The second world — the world of literature — offered me, besides the pleasures of form, the sustentation of empathy (the first step of what Keats called negative capability) and I ran for it. I relaxed in it. I stood willingly and gladly in the characters of everything — other people, trees, clouds. And this is what I learned: that the world’s otherness is antidote to confusion, that standing within this otherness — the beauty and the mystery of the world, out in the fields or deep inside books — can re-dignify the worst-stung heart.
I learned to build bookshelves and brought books to my room, gathering them around me thickly. I read by day and into the night. I thought about perfectibility, and deism, and adjectives, and clouds, and the foxes. I locked my door, from the inside, and leaped from the roof and went to the woods, by day or darkness.
I read my books with diligence, and mounting skill, and gathering certainty. I read the way a person might swim, to save his or her life. I wrote that way too.
Extracted courtesy of Maria Popova’s magnificent Newsletter Brain Pickings:
I did not think of language as the means to self-description. I thought of it as the door — a thousand opening doors! — past myself. I thought of it as the means to notice, to contemplate, to praise, and, thus, to come into power.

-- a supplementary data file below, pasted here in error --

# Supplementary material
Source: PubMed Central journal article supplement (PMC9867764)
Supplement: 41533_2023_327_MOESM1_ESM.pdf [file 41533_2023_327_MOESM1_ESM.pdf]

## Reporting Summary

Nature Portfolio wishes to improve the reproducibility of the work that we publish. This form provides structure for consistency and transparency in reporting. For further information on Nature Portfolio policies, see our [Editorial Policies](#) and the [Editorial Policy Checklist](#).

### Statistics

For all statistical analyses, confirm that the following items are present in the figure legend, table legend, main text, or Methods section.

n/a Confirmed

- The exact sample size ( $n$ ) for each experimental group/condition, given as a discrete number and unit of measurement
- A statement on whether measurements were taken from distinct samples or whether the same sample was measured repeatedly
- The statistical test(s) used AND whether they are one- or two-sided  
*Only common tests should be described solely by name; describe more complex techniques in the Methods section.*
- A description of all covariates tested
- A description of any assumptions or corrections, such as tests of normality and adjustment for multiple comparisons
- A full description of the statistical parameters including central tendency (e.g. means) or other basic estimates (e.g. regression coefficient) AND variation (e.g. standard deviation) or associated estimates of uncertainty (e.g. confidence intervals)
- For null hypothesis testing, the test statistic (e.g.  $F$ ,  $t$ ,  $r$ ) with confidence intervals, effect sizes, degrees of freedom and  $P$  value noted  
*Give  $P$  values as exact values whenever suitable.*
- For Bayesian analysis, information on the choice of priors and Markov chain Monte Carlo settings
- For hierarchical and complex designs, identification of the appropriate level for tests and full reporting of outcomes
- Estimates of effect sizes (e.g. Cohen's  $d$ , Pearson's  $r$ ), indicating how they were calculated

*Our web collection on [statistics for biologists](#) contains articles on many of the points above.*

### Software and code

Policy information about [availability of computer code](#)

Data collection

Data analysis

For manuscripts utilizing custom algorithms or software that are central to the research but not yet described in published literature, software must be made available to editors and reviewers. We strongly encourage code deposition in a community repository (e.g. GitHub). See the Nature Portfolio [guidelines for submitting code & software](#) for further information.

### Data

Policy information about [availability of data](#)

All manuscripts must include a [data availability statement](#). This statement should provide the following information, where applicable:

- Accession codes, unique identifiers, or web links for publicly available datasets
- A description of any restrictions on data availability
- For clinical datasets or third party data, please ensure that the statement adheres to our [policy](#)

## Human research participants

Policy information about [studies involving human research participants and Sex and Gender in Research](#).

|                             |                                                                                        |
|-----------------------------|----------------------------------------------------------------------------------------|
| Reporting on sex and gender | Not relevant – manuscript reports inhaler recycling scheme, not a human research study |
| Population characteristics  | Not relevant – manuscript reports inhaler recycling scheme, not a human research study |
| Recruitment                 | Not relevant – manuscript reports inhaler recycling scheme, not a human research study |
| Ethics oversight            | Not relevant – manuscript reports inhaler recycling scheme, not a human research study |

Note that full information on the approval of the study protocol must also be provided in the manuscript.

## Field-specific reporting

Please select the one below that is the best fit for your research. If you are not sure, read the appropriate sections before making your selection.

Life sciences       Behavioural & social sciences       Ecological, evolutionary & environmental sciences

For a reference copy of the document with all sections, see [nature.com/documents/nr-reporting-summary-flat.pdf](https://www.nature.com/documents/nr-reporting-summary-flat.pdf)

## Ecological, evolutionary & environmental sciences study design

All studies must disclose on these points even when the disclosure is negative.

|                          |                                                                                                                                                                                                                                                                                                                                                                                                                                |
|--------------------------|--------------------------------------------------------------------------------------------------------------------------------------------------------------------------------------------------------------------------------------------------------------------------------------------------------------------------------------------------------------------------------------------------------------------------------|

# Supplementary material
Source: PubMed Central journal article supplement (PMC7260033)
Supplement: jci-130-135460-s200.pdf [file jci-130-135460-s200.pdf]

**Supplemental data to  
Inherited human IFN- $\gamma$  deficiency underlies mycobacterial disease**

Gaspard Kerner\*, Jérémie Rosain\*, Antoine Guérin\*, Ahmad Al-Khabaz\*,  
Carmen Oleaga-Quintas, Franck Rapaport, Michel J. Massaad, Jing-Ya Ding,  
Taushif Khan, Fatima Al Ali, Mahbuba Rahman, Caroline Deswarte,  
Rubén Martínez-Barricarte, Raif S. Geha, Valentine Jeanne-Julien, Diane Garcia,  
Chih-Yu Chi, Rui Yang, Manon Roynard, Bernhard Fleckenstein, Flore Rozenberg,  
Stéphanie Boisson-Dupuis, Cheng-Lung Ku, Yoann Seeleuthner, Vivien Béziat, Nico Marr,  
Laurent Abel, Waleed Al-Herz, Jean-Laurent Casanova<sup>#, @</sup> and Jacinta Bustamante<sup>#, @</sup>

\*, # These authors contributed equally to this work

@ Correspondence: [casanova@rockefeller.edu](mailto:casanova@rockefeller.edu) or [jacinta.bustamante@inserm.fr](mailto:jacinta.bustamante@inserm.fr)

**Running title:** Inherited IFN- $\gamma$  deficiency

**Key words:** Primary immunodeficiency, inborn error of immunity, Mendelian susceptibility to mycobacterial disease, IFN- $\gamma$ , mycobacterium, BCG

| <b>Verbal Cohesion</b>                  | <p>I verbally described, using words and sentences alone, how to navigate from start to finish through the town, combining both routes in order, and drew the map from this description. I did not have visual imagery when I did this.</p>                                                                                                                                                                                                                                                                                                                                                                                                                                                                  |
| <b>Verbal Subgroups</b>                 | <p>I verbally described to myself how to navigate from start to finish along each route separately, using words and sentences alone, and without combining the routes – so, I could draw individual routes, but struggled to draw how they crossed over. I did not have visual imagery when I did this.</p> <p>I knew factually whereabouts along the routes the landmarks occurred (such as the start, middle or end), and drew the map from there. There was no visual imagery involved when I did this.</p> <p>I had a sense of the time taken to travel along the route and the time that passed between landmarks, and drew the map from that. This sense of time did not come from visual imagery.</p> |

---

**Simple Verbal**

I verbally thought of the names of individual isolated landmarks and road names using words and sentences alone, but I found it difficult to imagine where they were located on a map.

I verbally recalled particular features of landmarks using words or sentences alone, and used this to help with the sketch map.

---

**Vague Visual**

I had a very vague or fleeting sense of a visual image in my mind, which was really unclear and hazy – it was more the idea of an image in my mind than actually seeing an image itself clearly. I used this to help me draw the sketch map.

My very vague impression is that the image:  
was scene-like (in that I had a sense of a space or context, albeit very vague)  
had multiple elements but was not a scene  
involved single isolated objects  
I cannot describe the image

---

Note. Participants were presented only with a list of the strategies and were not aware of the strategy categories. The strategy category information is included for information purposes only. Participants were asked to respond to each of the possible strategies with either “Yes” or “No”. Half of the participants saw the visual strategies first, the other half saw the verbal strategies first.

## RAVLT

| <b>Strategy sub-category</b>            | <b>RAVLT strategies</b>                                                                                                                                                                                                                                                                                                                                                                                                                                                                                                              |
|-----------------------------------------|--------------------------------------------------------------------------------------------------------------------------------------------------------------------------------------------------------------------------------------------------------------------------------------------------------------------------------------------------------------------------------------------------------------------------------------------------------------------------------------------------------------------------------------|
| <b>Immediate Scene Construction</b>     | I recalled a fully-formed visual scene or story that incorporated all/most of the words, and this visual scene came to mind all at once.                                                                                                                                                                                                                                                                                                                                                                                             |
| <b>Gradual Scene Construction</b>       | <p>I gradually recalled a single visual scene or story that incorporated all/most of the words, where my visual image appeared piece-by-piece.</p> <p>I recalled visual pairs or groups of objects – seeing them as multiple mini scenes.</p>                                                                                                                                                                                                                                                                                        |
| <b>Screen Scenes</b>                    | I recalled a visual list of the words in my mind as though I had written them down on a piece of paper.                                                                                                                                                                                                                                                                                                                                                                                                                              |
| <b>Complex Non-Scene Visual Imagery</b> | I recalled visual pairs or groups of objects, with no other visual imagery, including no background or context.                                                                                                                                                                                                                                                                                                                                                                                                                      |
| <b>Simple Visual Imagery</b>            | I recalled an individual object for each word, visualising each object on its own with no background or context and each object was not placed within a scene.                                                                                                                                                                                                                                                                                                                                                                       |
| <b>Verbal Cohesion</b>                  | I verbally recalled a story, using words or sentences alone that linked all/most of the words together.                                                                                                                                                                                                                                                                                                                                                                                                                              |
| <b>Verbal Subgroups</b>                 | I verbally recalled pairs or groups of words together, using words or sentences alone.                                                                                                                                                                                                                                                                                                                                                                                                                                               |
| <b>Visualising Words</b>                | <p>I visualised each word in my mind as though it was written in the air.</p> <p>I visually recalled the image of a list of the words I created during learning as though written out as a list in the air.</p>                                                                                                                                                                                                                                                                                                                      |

I saw what skill was needed, and persistence — how one must bend one’s spine, like a hoop, over the page — the long labor. I saw the difference between doing nothing, or doing a little, and the redemptive act of true effort. Reading, then writing, then desiring to write well, shaped in me that most joyful of circumstances — a passion for work.
I don’t mean it’s easy or assured; there are the stubborn stumps of shame, grief that remains unsolvable after all the years, a bag of stones that goes with one wherever one goes and however the hour may call for dancing and for light feet. But there is, also, the summoning world, the admirable energies of the world, better than anger, better than bitterness and, because more interesting, more alleviating. And there is the thing that one does, the needle one plies, the work, and within that work a chance to take thoughts that are hot and formless and to place them slowly and with meticulous effort into some shapely heat-retaining form, even as the gods, or nature, or the soundless wheels of time have made forms all across the soft, curved universe — that is to say, having chosen to claim my life, I have made for myself, out of work and love, a handsome life.
And now my old dog is dead, and another I had after him, and my parents are dead, and that first world, that old house, is sold and lost, and the books I gathered there lost, or sold — but more books bought, and in another place, board by board and stone by stone, like a house, a true life built, and all because I was steadfast about one or two things: loving foxes, and poems, the blank piece of paper, and my own energy — and mostly the shimmering shoulders of the world that shrug carelessly over the fate of any individual that they may, the better, keep the Niles and the Amazons flowing. And that I did not give to anyone the responsibility for my life. It is mine. I made it. And can do what I want to with it. Live it. Give it back, someday, without bitterness, to the wild and weedy dunes.